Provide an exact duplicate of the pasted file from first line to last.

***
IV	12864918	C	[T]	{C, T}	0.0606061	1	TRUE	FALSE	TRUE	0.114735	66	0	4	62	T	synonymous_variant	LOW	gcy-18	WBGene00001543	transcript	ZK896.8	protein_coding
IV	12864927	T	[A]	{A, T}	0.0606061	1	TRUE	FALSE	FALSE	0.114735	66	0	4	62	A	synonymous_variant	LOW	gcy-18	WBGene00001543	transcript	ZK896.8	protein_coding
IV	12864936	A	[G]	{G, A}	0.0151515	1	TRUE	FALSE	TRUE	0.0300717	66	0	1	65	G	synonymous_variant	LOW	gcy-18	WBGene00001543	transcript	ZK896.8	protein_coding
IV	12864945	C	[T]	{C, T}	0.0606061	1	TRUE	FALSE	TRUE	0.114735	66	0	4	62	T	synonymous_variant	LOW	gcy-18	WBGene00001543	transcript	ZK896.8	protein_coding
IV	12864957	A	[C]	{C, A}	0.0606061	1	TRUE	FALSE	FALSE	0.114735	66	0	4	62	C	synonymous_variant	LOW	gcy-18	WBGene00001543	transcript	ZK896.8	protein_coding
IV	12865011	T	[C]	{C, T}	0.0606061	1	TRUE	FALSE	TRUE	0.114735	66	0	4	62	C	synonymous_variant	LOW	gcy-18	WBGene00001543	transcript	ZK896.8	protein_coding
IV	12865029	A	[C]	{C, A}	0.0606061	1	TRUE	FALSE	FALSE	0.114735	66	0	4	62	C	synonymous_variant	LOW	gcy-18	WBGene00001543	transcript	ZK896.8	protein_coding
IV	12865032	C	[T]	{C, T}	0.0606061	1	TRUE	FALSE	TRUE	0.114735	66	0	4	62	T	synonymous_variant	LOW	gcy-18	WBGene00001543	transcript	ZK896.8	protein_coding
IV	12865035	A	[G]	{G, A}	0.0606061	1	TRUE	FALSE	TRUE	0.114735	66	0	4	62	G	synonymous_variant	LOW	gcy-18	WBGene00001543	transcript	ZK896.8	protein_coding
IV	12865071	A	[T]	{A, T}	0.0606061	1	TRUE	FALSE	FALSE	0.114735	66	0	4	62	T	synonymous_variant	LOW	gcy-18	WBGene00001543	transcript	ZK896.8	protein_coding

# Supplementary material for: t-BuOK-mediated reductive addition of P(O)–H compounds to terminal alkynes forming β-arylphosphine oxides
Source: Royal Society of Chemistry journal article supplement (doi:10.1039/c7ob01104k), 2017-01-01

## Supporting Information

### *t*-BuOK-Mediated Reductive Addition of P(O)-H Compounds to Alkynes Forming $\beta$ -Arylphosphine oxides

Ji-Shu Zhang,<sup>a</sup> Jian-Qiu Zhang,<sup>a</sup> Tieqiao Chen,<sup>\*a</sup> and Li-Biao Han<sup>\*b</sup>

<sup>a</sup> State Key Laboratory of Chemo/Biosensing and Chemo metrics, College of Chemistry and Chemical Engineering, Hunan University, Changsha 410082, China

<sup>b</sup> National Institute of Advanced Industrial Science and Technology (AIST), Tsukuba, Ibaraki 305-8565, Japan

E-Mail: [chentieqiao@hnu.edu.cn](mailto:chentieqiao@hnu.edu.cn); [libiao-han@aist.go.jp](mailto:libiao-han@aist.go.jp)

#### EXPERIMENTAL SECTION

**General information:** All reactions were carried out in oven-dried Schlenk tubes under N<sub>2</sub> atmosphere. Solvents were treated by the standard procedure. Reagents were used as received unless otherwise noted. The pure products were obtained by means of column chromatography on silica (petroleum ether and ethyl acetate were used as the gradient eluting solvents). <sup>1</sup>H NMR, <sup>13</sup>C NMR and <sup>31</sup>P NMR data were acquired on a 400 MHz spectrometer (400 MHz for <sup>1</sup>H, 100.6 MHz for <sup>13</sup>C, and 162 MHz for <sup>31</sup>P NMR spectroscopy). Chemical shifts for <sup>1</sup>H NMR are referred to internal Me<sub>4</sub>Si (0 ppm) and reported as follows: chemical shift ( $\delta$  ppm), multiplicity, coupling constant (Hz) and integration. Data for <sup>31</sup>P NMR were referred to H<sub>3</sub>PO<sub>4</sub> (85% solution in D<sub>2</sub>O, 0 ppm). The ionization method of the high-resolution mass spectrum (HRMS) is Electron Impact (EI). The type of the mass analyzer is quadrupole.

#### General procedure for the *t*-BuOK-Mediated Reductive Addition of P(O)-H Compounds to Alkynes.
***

IV	12864918	C	[T]	{C, T}	0.0606061	1	TRUE	FALSE	TRUE	0.114735	66	0	4	62	T	synonymous_variant	LOW	gcy-18	WBGene00001543	transcript	ZK896.8	protein_coding
IV	12864927	T	[A]	{A, T}	0.0606061	1	TRUE	FALSE	FALSE	0.114735	66	0	4	62	A	synonymous_variant	LOW	gcy-18	WBGene00001543	transcript	ZK896.8	protein_coding
IV	12864936	A	[G]	{G, A}	0.0151515	1	TRUE	FALSE	TRUE	0.0300717	66	0	1	65	G	synonymous_variant	LOW	gcy-18	WBGene00001543	transcript	ZK896.8	protein_coding
IV	12864945	C	[T]	{C, T}	0.0606061	1	TRUE	FALSE	TRUE	0.114735	66	0	4	62	T	synonymous_variant	LOW	gcy-18	WBGene00001543	transcript	ZK896.8	protein_coding
IV	12864957	A	[C]	{C, A}	0.0606061	1	TRUE	FALSE	FALSE	0.114735	66	0	4	62	C	synonymous_variant	LOW	gcy-18	WBGene00001543	transcript	ZK896.8	protein_coding
IV	12865011	T	[C]	{C, T}	0.0606061	1	TRUE	FALSE	TRUE	0.114735	66	0	4	62	C	synonymous_variant	LOW	gcy-18	WBGene00001543	transcript	ZK896.8	protein_coding
IV	12865029	A	[C]	{C, A}	0.0606061	1	TRUE	FALSE	FALSE	0.114735	66	0	4	62	C	synonymous_variant	LOW	gcy-18	WBGene00001543	transcript	ZK896.8	protein_coding
IV	12865032	C	[T]	{C, T}	0.0606061	1	TRUE	FALSE	TRUE	0.114735	66	0	4	62	T	synonymous_variant	LOW	gcy-18	WBGene00001543	transcript	ZK896.8	protein_coding
IV	12865035	A	[G]	{G, A}	0.0606061	1	TRUE	FALSE	TRUE	0.114735	66	0	4	62	G	synonymous_variant	LOW	gcy-18	WBGene00001543	transcript	ZK896.8	protein_coding
IV	12865071	A	[T]	{A, T}	0.0606061	1	TRUE	FALSE	FALSE	0.114735	66	0	4	62	T	synonymous_variant	LOW	gcy-18	WBGene00001543	transcript	ZK896.8	protein_coding

# Supplementary material for: t-BuOK-mediated reductive addition of P(O)–H compounds to terminal alkynes forming β-arylphosphine oxides
Source: Royal Society of Chemistry journal article supplement (doi:10.1039/c7ob01104k), 2017-01-01

## Supporting Information

### *t*-BuOK-Mediated Reductive Addition of P(O)-H Compounds to Alkynes Forming $\beta$ -Arylphosphine oxides

Ji-Shu Zhang,<sup>a</sup> Jian-Qiu Zhang,<sup>a</sup> Tieqiao Chen,<sup>\*a</sup> and Li-Biao Han<sup>\*b</sup>

<sup>a</sup> State Key Laboratory of Chemo/Biosensing and Chemo metrics, College of Chemistry and Chemical Engineering, Hunan University, Changsha 410082, China

<sup>b</sup> National Institute of Advanced Industrial Science and Technology (AIST), Tsukuba, Ibaraki 305-8565, Japan

E-Mail: [chentieqiao@hnu.edu.cn](mailto:chentieqiao@hnu.edu.cn); [libiao-han@aist.go.jp](mailto:libiao-han@aist.go.jp)

#### EXPERIMENTAL SECTION

**General information:** All reactions were carried out in oven-dried Schlenk tubes under N<sub>2</sub> atmosphere. Solvents were treated by the standard procedure. Reagents were used as received unless otherwise noted. The pure products were obtained by means of column chromatography on silica (petroleum ether and ethyl acetate were used as the gradient eluting solvents). <sup>1</sup>H NMR, <sup>13</sup>C NMR and <sup>31</sup>P NMR data were acquired on a 400 MHz spectrometer (400 MHz for <sup>1</sup>H, 100.6 MHz for <sup>13</sup>C, and 162 MHz for <sup>31</sup>P NMR spectroscopy). Chemical shifts for <sup>1</sup>H NMR are referred to internal Me<sub>4</sub>Si (0 ppm) and reported as follows: chemical shift ( $\delta$  ppm), multiplicity, coupling constant (Hz) and integration. Data for <sup>31</sup>P NMR were referred to H<sub>3</sub>PO<sub>4</sub> (85% solution in D<sub>2</sub>O, 0 ppm). The ionization method of the high-resolution mass spectrum (HRMS) is Electron Impact (EI). The type of the mass analyzer is quadrupole.

#### General procedure for the *t*-BuOK-Mediated Reductive Addition of P(O)-H Compounds to Alkynes.